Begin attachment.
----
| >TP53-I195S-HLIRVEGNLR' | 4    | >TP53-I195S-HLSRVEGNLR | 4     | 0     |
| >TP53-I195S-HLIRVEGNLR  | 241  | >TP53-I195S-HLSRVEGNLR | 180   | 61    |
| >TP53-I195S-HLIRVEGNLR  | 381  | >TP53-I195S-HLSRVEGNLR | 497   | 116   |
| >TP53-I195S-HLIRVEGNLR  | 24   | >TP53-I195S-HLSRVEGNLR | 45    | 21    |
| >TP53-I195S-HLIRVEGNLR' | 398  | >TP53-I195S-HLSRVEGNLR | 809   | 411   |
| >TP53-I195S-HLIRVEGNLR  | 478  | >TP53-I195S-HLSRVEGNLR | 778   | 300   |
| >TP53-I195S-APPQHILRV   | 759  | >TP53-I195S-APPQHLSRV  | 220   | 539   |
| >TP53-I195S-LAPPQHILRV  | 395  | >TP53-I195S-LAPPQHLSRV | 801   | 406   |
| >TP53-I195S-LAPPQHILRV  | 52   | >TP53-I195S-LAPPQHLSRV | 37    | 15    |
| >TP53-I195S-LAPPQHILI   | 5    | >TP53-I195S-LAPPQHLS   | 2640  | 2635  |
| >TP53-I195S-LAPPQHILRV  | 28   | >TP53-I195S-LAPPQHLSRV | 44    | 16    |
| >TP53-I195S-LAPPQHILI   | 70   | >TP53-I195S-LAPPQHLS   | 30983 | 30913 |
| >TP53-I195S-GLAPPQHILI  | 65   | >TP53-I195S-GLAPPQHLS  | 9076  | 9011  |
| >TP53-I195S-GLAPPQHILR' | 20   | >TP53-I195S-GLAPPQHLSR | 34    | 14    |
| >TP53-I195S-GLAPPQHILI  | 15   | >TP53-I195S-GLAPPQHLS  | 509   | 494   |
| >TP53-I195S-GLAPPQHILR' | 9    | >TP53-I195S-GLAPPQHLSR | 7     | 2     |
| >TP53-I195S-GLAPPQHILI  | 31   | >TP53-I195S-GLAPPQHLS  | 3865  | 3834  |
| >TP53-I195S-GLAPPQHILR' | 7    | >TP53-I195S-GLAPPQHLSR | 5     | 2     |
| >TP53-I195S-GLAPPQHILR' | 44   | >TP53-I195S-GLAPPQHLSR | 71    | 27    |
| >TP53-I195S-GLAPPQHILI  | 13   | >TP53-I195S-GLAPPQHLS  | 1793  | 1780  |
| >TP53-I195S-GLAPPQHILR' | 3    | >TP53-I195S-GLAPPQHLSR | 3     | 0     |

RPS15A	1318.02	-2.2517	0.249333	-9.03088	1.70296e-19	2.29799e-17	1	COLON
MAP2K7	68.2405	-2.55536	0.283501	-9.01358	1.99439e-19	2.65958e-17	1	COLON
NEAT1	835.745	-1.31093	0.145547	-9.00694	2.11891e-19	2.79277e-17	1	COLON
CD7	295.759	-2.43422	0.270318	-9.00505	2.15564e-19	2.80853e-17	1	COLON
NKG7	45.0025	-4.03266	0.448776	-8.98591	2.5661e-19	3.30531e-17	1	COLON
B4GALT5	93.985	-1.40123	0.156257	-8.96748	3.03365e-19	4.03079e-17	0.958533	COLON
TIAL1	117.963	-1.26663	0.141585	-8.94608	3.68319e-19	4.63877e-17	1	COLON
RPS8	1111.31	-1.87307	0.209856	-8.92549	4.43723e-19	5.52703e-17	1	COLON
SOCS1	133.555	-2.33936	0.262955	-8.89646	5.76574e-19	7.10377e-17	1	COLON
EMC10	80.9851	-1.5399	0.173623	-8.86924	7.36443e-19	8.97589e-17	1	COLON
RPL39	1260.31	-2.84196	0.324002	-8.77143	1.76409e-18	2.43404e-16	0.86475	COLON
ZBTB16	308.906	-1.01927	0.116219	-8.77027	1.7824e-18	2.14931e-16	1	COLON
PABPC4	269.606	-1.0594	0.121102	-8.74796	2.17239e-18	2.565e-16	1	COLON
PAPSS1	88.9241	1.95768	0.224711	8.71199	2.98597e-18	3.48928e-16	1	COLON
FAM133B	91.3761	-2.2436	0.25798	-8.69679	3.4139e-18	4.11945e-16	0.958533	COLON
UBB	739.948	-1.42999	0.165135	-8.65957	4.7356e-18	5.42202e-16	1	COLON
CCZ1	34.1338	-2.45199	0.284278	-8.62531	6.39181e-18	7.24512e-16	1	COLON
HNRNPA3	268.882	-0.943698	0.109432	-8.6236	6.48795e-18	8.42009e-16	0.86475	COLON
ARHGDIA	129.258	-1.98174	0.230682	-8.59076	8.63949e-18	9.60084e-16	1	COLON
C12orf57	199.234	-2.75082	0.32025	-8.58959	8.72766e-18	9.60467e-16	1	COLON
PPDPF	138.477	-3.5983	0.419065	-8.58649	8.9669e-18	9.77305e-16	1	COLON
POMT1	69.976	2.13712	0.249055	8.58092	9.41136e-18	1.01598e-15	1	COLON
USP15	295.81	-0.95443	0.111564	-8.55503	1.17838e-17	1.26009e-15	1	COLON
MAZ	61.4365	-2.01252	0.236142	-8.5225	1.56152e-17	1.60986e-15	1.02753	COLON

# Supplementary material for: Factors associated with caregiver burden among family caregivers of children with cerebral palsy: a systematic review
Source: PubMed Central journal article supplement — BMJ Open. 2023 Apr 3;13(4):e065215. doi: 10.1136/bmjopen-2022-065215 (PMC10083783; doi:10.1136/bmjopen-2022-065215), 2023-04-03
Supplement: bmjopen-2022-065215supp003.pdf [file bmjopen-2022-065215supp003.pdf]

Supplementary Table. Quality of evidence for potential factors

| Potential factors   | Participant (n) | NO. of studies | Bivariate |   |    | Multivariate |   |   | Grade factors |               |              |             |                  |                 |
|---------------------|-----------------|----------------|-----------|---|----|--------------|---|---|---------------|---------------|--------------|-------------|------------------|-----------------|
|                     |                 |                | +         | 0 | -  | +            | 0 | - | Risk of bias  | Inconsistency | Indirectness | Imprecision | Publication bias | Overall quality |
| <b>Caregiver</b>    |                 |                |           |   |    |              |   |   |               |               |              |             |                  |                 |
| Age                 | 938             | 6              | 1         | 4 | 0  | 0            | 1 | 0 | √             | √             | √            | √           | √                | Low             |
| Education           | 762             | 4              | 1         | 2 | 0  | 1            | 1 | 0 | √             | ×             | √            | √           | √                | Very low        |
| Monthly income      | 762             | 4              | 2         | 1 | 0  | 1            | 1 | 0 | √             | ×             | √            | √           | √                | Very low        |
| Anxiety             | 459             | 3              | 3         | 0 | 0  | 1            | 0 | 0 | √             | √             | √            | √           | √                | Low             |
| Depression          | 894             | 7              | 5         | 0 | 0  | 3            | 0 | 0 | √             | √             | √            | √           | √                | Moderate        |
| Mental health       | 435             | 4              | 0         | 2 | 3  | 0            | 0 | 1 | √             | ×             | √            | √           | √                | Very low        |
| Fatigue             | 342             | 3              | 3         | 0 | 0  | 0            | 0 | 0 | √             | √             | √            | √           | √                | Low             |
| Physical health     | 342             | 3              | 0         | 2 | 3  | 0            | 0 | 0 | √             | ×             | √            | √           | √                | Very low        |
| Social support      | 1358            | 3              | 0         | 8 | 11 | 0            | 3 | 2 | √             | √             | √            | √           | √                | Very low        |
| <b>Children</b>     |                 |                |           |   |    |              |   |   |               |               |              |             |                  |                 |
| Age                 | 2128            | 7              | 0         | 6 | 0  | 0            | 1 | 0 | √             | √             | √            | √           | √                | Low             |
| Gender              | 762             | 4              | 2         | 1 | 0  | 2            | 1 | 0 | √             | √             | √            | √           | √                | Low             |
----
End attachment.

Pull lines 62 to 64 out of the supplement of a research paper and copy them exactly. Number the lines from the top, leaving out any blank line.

| Social support      | 1358            | 3              | 0         | 8 | 11 | 0            | 3 | 2 | √             | √             | √            | √           | √                | Very low        |
| <b>Children</b>     |                 |                |           |   |    |              |   |   |               |               |              |             |                  |                 |
| Age                 | 2128            | 7              | 0         | 6 | 0  | 0            | 1 | 0 | √             | √             | √            | √           | √                | Low             |